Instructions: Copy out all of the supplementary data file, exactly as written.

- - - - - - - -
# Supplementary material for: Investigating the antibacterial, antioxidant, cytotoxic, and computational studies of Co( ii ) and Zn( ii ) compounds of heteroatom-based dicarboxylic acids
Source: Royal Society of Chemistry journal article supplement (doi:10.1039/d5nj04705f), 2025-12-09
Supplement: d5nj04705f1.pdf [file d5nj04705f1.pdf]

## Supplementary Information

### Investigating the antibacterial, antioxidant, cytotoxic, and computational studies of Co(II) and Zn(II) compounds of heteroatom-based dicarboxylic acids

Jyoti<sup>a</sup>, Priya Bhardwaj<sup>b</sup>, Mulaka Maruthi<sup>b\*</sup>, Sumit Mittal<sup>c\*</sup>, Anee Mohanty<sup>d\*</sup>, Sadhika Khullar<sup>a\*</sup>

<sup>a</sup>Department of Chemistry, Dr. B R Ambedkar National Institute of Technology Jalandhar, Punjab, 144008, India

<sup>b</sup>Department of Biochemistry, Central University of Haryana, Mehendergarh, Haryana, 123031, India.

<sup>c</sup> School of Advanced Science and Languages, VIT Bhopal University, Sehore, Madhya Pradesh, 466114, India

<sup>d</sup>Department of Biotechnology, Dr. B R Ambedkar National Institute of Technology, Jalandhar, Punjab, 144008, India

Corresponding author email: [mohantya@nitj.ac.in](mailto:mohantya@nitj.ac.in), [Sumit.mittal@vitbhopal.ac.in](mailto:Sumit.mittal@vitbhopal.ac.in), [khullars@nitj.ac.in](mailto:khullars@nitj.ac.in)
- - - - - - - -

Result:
# Supplementary material for: Investigating the antibacterial, antioxidant, cytotoxic, and computational studies of Co( ii ) and Zn( ii ) compounds of heteroatom-based dicarboxylic acids
Source: Royal Society of Chemistry journal article supplement (doi:10.1039/d5nj04705f), 2025-12-09
Supplement: d5nj04705f1.pdf [file d5nj04705f1.pdf]

## Supplementary Information

### Investigating the antibacterial, antioxidant, cytotoxic, and computational studies of Co(II) and Zn(II) compounds of heteroatom-based dicarboxylic acids

Jyoti<sup>a</sup>, Priya Bhardwaj<sup>b</sup>, Mulaka Maruthi<sup>b\*</sup>, Sumit Mittal<sup>c\*</sup>, Anee Mohanty<sup>d\*</sup>, Sadhika Khullar<sup>a\*</sup>

<sup>a</sup>Department of Chemistry, Dr. B R Ambedkar National Institute of Technology Jalandhar, Punjab, 144008, India

<sup>b</sup>Department of Biochemistry, Central University of Haryana, Mehendergarh, Haryana, 123031, India.

<sup>c</sup> School of Advanced Science and Languages, VIT Bhopal University, Sehore, Madhya Pradesh, 466114, India

<sup>d</sup>Department of Biotechnology, Dr. B R Ambedkar National Institute of Technology, Jalandhar, Punjab, 144008, India

Corresponding author email: [mohantya@nitj.ac.in](mailto:mohantya@nitj.ac.in), [Sumit.mittal@vitbhopal.ac.in](mailto:Sumit.mittal@vitbhopal.ac.in), [khullars@nitj.ac.in](mailto:khullars@nitj.ac.in)